Cafe thrives on Serb smugglers' woes
Monday 03 October 1994
Under the regulations of the embargo, introduced on 4 August, lorry traffic from Serbia into Bosnia can only cross via the rickety railway bridge at Sremska Raca. Only food, clothes, medicine and humanitarian aid are allowed to cross. There are long queues of coaches, cars and lorries that must be subjected to lengthy searches of boots, bonnets and trailer beds.
While truckers and passengers wait for permission to cross, the Karalije is packing them in. It is a place for truckers and smugglers to gulp down a meal, ply customs officers with drink, and, if that fails, a place to complain. The cafe offers cold beer, strong coffee and, from its veranda, a view of perhaps the most thorough customs inspection in the Balkans.
President Milosevic, keen to get sanctions against his country lifted, has gone to great lengths to show that unlike past so-called blockades of the Bosnian Serbs for their defiance of international demands, this time he means business. Units of the powerful, 80,000-strong, police force have fanned out along the boundaries of the rump Yugoslavia. Police and customs officials with relatives in Bosnia have been transferred to jobs away from the border. All but a few telephone links with the Serb-held areas of Bosnia have been cut.
Mr Milosevic has told United Nations officials that the closure of Serbia's border with Serbian- held areas of Bosnia was a policy that would remain in place until the Bosnian Serb leadership accepted the latest international peace plan. He has even accepted, despite criticism, the deployment of international observers in Serbia to verify the embargo.
Nonetheless, last week the US Secretary of Defense, William Perry, cast doubt on the sincerity of Serbia's efforts to cut off fuel and arms supplies to the Bosnian Serb army. He suggested that the embargo was leaking badly. Based on 'incomplete reports', Admiral Perry said the blockade was not a 'complete stoppage'.
At a table on the veranda of the Karalije cafe this weekend, two men watched with a hint of satisfaction as Serbian customs officers sniffed coca cola bottles and watering cans in a quest for illegal petrol. The men, obviously foreigners, with baseball caps, bum bags and overnight luggage, looked more like tourists than international spies, which is more or less what they are. They are some of the 135 international observers, whose report on the effectiveness of the embargo will determine whether the UN eases trade sanctions against Serbia.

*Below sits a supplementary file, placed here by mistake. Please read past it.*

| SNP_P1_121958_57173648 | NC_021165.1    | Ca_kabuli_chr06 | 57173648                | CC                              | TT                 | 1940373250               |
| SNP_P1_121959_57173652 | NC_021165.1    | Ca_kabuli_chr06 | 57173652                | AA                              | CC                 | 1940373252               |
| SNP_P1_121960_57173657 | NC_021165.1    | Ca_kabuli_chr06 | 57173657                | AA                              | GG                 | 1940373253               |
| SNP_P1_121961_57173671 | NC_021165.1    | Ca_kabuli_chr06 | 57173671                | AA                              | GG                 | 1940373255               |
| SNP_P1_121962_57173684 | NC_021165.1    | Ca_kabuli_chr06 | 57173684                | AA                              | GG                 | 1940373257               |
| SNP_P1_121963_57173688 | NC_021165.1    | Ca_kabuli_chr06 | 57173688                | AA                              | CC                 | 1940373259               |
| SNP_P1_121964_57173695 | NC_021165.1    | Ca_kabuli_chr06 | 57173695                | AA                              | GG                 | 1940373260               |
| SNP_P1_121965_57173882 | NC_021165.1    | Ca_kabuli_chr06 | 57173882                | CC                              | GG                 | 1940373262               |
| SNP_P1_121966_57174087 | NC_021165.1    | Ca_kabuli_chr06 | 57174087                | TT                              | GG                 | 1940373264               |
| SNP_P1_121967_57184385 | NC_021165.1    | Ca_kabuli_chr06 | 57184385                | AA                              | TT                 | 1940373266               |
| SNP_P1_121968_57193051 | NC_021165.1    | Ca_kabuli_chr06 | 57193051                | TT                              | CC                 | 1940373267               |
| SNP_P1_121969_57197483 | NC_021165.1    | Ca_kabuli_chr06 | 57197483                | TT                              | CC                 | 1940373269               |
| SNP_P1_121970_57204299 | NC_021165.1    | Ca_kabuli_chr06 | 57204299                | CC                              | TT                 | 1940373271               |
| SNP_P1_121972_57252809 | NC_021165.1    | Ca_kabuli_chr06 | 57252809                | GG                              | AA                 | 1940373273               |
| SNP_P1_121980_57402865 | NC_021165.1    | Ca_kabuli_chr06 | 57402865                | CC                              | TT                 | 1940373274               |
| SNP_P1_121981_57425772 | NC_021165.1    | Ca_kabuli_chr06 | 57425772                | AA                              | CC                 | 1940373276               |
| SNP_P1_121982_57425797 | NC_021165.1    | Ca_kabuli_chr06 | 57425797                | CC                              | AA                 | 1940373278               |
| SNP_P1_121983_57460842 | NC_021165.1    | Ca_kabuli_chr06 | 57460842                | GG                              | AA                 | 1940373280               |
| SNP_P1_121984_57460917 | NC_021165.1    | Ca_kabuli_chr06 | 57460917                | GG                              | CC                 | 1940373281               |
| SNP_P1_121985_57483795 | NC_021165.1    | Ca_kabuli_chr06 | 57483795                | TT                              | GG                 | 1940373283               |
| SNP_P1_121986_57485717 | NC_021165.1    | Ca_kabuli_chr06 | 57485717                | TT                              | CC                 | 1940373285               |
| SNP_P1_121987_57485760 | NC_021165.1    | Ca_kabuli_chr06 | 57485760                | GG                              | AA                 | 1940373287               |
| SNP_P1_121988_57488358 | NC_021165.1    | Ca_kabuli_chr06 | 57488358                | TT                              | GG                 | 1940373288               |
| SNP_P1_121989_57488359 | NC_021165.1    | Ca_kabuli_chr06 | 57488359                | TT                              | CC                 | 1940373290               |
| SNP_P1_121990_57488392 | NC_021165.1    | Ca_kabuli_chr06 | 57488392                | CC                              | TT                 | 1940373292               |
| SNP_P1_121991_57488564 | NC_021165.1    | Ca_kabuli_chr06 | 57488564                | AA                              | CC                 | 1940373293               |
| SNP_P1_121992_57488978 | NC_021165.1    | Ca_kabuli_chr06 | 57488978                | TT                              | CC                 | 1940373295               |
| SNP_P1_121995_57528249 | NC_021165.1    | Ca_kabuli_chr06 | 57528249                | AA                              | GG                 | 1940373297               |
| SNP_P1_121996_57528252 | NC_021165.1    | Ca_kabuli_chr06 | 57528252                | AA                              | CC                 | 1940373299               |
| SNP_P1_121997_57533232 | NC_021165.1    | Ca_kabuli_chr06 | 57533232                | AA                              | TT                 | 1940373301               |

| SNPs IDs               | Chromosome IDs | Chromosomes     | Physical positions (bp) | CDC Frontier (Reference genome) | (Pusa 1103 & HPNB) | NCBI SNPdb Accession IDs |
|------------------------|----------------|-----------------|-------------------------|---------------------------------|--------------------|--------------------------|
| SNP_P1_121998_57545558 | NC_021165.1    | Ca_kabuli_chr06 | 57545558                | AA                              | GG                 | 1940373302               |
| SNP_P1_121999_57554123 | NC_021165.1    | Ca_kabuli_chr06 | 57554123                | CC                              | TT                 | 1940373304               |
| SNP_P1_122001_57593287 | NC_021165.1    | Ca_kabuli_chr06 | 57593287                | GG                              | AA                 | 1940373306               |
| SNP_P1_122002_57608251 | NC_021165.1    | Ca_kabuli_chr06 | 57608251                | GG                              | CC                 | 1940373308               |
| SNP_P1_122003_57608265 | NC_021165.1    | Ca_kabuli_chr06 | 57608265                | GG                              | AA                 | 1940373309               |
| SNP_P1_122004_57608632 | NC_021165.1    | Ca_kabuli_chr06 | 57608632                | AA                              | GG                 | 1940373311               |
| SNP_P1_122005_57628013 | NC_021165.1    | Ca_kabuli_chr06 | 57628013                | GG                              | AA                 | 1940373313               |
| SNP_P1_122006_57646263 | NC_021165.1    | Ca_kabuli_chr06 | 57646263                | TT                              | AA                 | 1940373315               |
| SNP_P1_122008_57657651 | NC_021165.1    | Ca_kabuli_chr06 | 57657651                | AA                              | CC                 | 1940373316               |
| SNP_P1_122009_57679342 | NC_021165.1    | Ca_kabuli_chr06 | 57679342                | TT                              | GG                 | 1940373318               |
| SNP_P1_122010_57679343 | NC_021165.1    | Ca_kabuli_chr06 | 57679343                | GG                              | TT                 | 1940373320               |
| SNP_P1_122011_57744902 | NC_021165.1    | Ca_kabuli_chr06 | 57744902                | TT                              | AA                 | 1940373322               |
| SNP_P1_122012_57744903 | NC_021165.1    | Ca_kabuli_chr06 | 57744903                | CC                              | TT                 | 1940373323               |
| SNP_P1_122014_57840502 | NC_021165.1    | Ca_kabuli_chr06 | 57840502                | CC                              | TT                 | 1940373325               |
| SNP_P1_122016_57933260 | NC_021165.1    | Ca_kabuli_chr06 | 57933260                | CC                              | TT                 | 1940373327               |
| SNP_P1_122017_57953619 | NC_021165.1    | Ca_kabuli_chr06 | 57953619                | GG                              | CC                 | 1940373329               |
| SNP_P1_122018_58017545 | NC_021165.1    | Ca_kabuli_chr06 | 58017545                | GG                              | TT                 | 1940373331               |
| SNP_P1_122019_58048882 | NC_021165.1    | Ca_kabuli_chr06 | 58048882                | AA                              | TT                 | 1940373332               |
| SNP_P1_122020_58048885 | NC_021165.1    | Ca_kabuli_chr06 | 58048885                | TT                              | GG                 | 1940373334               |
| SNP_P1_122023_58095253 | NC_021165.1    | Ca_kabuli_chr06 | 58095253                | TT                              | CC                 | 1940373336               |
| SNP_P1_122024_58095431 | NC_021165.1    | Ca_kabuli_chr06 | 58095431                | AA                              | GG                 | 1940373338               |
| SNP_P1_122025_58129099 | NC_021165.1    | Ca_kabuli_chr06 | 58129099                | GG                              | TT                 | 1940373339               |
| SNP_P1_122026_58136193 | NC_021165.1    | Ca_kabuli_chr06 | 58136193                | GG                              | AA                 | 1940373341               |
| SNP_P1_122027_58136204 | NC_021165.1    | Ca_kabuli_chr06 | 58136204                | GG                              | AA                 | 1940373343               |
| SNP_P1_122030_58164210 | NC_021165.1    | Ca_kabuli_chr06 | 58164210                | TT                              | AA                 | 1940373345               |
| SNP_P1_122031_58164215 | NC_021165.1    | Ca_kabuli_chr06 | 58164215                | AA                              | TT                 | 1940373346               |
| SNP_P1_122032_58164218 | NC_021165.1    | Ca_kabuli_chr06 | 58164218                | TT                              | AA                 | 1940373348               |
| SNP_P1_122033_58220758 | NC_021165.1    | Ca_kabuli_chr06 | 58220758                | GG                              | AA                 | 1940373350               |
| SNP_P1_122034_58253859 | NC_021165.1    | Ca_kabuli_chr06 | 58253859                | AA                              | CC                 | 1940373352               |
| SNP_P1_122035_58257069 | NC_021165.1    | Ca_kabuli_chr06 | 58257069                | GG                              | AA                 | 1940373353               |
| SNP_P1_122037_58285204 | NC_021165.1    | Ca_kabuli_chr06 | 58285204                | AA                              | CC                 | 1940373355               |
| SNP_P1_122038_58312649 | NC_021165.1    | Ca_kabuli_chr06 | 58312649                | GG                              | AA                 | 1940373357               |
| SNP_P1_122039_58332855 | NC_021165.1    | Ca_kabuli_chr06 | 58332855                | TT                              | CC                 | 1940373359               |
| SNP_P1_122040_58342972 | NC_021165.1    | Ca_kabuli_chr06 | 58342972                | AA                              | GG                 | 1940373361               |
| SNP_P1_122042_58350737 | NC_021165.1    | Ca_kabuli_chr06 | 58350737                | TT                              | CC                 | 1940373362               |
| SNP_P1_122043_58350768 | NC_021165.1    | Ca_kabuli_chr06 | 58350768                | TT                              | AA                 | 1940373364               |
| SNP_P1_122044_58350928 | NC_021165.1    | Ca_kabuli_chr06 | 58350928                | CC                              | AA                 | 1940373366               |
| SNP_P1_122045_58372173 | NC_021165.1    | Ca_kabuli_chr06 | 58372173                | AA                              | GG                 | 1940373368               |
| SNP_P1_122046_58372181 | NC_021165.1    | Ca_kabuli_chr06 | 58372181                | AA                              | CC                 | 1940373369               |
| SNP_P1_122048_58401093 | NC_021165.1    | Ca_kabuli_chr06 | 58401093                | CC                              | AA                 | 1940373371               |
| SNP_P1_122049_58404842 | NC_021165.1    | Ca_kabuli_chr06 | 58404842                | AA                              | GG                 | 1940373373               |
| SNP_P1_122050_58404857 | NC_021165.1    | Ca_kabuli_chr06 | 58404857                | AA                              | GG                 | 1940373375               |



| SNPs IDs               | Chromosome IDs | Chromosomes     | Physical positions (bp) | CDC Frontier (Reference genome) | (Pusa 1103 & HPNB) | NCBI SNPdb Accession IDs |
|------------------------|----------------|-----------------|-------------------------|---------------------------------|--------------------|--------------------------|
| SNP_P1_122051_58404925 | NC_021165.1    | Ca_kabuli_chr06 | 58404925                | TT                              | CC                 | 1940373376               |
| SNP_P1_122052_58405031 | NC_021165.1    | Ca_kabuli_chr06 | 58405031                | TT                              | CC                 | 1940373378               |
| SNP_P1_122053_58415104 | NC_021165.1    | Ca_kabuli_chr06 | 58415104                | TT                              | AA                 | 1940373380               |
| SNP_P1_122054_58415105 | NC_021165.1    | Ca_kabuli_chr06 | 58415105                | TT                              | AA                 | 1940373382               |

All the observers are ostensibly from humanitarian organisations. But many are ex-military men with experience in the former Yugoslavia. Some admit privately - because they are not supposed to speak to the press - that they were UN military observers at some time in their careers.
The observers are cautious about reaching a conclusion. But they say their impression is that the embargo is serious and that if there is any leakage, it is unlikely to have been officially sanctioned.
'I'm optimistic that the embargo is being enforced,' one senior member of the observer mission said. 'I have not seen anything that indicates there is any great danger. However, we have not been everywhere.'
The history of the Serbian- Bosnian border is rife with tales of smuggling. It is unlikely that any blockade will ever prove to be watertight along all 350 miles of rivers and mountains.
But it is also unlikely that the customs officers outside the Karalije have cracked down on fellow Serbs for the benefit of outside observers. Even the police officers who dare to utter to foreign journalists criticism of the President's decision say they would not dare to ignore it. 'It is the most difficult thing I have ever had to do, but orders are orders,' one officer on the border at Mali Zvornik said.
Judging from conversations overheard at the Karalije this weekend, these are black days for Serbian smugglers. 'This is more serious all the time,' one unshaven truck driver told his friends in a thick Bosnian accent, after a car with illegal petrol was turned back. 'We have to be very careful now. We just can't transport our stolen goods anymore, like we did before.'
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